The web. We use it everyday. It makes this very presentation possible. The Internet. The Web. So few people even know the distinction. That’s okay. Today the distinction is largely irrelevant to our everyday lives even as our lives are embedded in the network.
How did we get here? How did the web get to this point? More importantly, where are we going? Where is the Web, the Internet, going. The 21st century Internet is really dependent upon the people born in the 21st century: a generation already in college. For them to define the Internet of the next 30 years, they need to understand the last 50 years of the Internet. Everything we use today on the net has a direct connection to events 50 years ago. This is not merely a history lesson. This is a lesson about today and the future.
The desktop computer: all alone
If we go back a bit more than 30 years, to the 1980s, when I was in college, there were no computers in the classroom. A few students had an Apple computer but most had just a typewriter. I remember the business office for the college had a desktop computer, sitting all alone on an assistant’s desk. The math department in the science building had a minicomputer, a much larger system, with a series of terminals with monochrome screens.
The 1980s battle between Microsoft and Apple over the desktop computer was handily won by Microsoft, though now that’s a bit hard to imagine to a generation who have grown up using mostly Macs. The desktop computer, quite a bulky device, was a machine isolated in the home or office. It didn’t connect to anything else. Everything was installed by floppy disks, but the computer was a work horse for its time. Imagine it, sitting there on a desk doing its thing, with no other computer to talk to. Everything was stored on a series of floppy disks or on the quite small internal hard drive. The capabilities of the desktop computer in the 1980s was limited by the capacity of the hardware.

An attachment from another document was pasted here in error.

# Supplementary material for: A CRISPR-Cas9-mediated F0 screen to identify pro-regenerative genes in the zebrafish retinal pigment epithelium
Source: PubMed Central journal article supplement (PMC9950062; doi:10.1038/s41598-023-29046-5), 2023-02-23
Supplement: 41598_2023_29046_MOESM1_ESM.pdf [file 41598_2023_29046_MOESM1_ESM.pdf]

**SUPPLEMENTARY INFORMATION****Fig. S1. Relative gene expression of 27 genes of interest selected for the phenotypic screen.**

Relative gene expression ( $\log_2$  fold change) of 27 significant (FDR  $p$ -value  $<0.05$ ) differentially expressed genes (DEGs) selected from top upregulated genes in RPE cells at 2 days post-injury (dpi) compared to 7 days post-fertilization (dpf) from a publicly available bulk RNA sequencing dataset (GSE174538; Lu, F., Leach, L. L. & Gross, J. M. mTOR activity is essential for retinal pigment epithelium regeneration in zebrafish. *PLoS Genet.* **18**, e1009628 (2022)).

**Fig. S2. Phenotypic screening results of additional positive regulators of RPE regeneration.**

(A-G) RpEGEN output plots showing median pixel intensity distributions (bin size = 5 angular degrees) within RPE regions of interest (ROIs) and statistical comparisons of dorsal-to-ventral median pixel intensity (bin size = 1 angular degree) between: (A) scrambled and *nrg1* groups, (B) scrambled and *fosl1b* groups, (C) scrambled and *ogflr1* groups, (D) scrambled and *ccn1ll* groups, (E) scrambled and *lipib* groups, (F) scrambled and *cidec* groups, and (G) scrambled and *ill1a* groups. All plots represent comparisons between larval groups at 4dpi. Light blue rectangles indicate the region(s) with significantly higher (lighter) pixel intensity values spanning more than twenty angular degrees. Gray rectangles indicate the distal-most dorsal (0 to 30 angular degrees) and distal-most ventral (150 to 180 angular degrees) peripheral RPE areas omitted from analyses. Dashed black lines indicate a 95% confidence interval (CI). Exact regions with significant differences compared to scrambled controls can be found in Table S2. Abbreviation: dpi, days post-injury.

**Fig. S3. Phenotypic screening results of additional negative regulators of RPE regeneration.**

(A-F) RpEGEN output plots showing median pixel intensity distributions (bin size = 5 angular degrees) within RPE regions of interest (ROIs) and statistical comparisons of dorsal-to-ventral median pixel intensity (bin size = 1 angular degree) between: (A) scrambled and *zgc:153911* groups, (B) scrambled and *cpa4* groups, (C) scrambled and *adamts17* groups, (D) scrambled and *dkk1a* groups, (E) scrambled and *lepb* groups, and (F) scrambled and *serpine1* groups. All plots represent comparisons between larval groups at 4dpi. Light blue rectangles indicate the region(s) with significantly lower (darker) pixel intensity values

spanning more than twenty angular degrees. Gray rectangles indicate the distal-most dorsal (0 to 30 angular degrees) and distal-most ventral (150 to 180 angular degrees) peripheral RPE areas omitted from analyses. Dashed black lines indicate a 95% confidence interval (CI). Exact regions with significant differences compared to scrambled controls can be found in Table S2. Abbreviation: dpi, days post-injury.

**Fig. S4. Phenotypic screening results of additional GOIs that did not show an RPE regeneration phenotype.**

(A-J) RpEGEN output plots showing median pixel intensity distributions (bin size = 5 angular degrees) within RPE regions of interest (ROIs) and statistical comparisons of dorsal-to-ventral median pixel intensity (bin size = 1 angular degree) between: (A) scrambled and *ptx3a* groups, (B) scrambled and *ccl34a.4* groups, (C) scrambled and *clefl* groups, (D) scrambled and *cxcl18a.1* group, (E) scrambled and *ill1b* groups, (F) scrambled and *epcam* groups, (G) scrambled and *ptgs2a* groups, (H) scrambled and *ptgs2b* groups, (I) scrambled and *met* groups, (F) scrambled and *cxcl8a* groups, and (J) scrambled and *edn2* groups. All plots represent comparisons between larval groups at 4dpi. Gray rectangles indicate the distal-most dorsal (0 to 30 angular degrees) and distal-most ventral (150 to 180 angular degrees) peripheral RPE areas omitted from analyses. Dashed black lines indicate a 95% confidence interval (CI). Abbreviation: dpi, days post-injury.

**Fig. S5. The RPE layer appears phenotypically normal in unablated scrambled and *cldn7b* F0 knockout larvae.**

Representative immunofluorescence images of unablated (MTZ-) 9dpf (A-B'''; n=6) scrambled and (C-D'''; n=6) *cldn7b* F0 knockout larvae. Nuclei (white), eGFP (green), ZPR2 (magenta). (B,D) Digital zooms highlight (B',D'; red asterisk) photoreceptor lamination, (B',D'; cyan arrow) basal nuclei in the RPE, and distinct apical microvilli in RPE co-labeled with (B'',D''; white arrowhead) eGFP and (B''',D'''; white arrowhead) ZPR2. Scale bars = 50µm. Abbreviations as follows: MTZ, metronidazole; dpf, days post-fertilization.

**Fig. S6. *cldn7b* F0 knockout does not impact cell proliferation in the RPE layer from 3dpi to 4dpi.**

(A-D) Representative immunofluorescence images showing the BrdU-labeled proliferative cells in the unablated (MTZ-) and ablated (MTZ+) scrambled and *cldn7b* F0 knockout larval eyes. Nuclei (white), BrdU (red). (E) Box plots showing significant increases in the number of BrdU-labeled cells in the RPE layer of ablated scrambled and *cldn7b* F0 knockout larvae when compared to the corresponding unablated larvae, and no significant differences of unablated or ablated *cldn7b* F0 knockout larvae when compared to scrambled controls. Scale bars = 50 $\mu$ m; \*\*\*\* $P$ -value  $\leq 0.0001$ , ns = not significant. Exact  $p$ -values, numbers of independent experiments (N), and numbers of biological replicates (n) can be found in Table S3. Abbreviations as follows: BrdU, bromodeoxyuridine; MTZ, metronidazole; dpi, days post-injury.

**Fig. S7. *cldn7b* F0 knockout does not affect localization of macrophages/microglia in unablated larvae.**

Computers talking to each other
In the 1980s, businesses increasingly took advantage of the ability to physically connect office computers into local area network (LAN). A cable would plug into the back of a computer. Originally, these cables were strung across the rooms, over the floors, and daisy-chained to each computer. Eventually, the cables were installed in the walls and computers were plugged directly into an outlet on a wall. You still see that today (look around the university for those Ethernet outlets), though the speed running through those cables are much greater than before.
The LAN was a great benefit to office productivity in the workplace. But you were still very limited to your local office environment in those days and even into the early 1990s.
Big computers talking to each other
But let’s go back to the 1960s and 1970s and see what was happening in the research laboratories of universities and government. That’s often where the innovation starts before it gets commercialized on a large scale to the public. The remarkable achievement in telecommunications that makes the Internet possible is a process called packet switching. Watch the following video that discusses how packet switching was developed. Pay particularly close to attention to the opening when the scientist explains the example of sending every page of a Bible to someone. His description is the core mechanism that transmits everything over the Internet today.